nep-mac New Economics Papers
on Macroeconomics
Issue of 2022‒05‒23
sixty-two papers chosen by
Soumitra K Mallick
Indian Institute of Social Welfare and Business Management

  1. Monetary Policy and the Financial Cycle: International Evidence By Jaromir Baxa; Jan Zacek
  2. The JobKeeper payment: How good are wage subsidies? By Timothy Watson; Juha Tervala; Tristram Sainsbury
  3. Business cycle asymmetries and the labor market By Kohlbrecher, Britta; Merkl, Christian
  4. Price Level Targeting with Imperfect Rationality: A Heuristic Approach By Vojtech Molnar
  5. Forecast Revisions as Instruments for News Shocks By Danilo Cascaldi-Garcia
  6. Housing market dynamics in Kazakhstan: An estimated DSGE model By Akbobek Akhmediyarova
  7. Pandemic Recession And Helicopter Money: Venice, 1629-1631 By Charles Goodhart; Donato Masciandaro; Stefano Ugolini
  8. Central Bank Communication with the General Public: Promise or False Hope? By Alan S. Blinder; Michael Ehrmann; Jakob de Haan; David-Jan Jansen
  9. Turning in the widening gyre: monetary and fiscal policy in interwar Britain By Ronicle, David
  10. Exploring the Role of Exchange Rate in Inflation Targeting: Evidence from Thailand By Pongsak Luangaram; Nipit Wongpunya
  11. Fiscal dominance in India: Through the windshield and the rearview mirror By Anshuman Kamila
  12. Accounting for the slowdown in output growth after the Great Recession: A wealth preference approach By Kazuma Inagaki,; Yoshiyasu Ono; Takayuki Tsuruga
  13. Sri Lanka: 2021 Article IV Consultation-Press Release; Staff Report; and Statement by the Executive Director for Sri Lanka By International Monetary Fund
  14. Cohort Effects on Expected Co-Movement By William N. Goetzmann; Akiko Watanabe; Masahiro Watanabe
  15. Systematic Monetary Policy in a SVAR for Australia By Lance A. Fisher; Hyeon-seung Huh
  16. More Than Words: Fed Chairs’ Communication During Congressional Testimonies By Michelle Alexopoulos; Xinfen Han; Oleksiy Kryvtsov; Xu Zhang
  17. Argentina: Staff Report for 2022 Article IV Consultation and request for an Extended Arrangement under the Extended Fund-Facility-Press Release; Staff Report; and Staff Supplements By International Monetary Fund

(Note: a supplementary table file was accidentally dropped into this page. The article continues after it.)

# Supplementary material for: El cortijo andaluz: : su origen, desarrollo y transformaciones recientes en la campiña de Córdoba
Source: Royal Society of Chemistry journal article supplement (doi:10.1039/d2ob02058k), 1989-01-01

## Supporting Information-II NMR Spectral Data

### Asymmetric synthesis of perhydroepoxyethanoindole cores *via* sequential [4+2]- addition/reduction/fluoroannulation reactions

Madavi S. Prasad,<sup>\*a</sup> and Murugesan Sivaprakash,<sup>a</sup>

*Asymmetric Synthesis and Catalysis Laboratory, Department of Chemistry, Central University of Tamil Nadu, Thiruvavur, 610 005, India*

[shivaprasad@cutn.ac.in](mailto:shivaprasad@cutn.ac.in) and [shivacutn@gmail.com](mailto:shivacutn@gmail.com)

18. Pandemic-Era Uncertainty By Brent H. Meyer; Emil Mihaylov; Jose Maria Barrero; Steven J. Davis; David Altig; Nicholas Bloom
  19. The cost of excess reserves and inflation in the United States during the last century By Pavon-Prado, David
  20. Causal Effects of Countercyclical Interest Rates: Evidence from the Classical Gold Standard By Kris James Mitchener; Gonçalo Alves Pina
  21. Colombia: 2022 Article IV Consultation—Press Release; Staff Report; and Statement by the Executive Director for Colombia By International Monetary Fund
  22. Republic of Kazakhstan: 2021 Article IV Consultation-Press Release; Staff Report; Staff Statement; and Statement by the Executive Director for Kazakhstan By International Monetary Fund
  23. Are fiscal consolidation episodes helpful for public sector efficiency? By António Afonso; José Alves
  24. Stubborn Beliefs in Search Equilibrium By Guido Menzio
  25. The Narrow Channel of Quantitative Easing: Evidence from YCC Down Under By David Lucca; Jonathan H. Wright
  26. Zimbabwe: 2022 Article IV Consultation-Press Release; Staff Report; and Statement by the Executive Director for Zimbabwe By International Monetary Fund
  27. Japan: 2022 Article IV Consultation-Press Release; Staff Report; and Statement by the Executive Director for Japan By International Monetary Fund
  28. Democratic Republic of São Tomé and Príncipe: Staff Report for 2022 Article IV Consultation; Fourth Review Under the Extended Credit Facility Arrangement, Request for Waivers for Nonobservance of Performance Criteria, Modification of Performance Criteria and Financing Assurances Review-Press Release; Staff Report; and Statement by the Executive Director for São Tomé and Príncipe By International Monetary Fund
  29. Kuwait: 2021 Article IV Consultation-Press Release; Staff Report; and Statement by the Executive Director for Kuwait By International Monetary Fund
  30. Optimal Taxation of Risky Entrepreneurial Capital By Corina Boar; Matthew P. Knowles
  31. An Evaluation of the Paycheck Protection Program Using Administrative Payroll Microdata By David Autor; David Cho; Leland D. Crane; Mita Goldar; Byron Lutz; Joshua K. Montes; William B. Peterman; David D. Ratner; Daniel Villar Vallenas; Ahu Yildirmaz
  32. Wealth and income inequality in the long run By Philipp Lieberknecht; Philip Vermeulen
  33. Republic of Korea: 2022 Article IV Consultation-Press Release; Staff Report; Staff Statement; and Statement by the Executive Director for the Republic of Korea By International Monetary Fund
  34. Additive Growth By Thomas Philippon
  35. Minimum Wage and Collective Bargaining Reforms: A Narrative Database for Advance Economies By António Afonso; João Tovar Jalles; Zoe Venter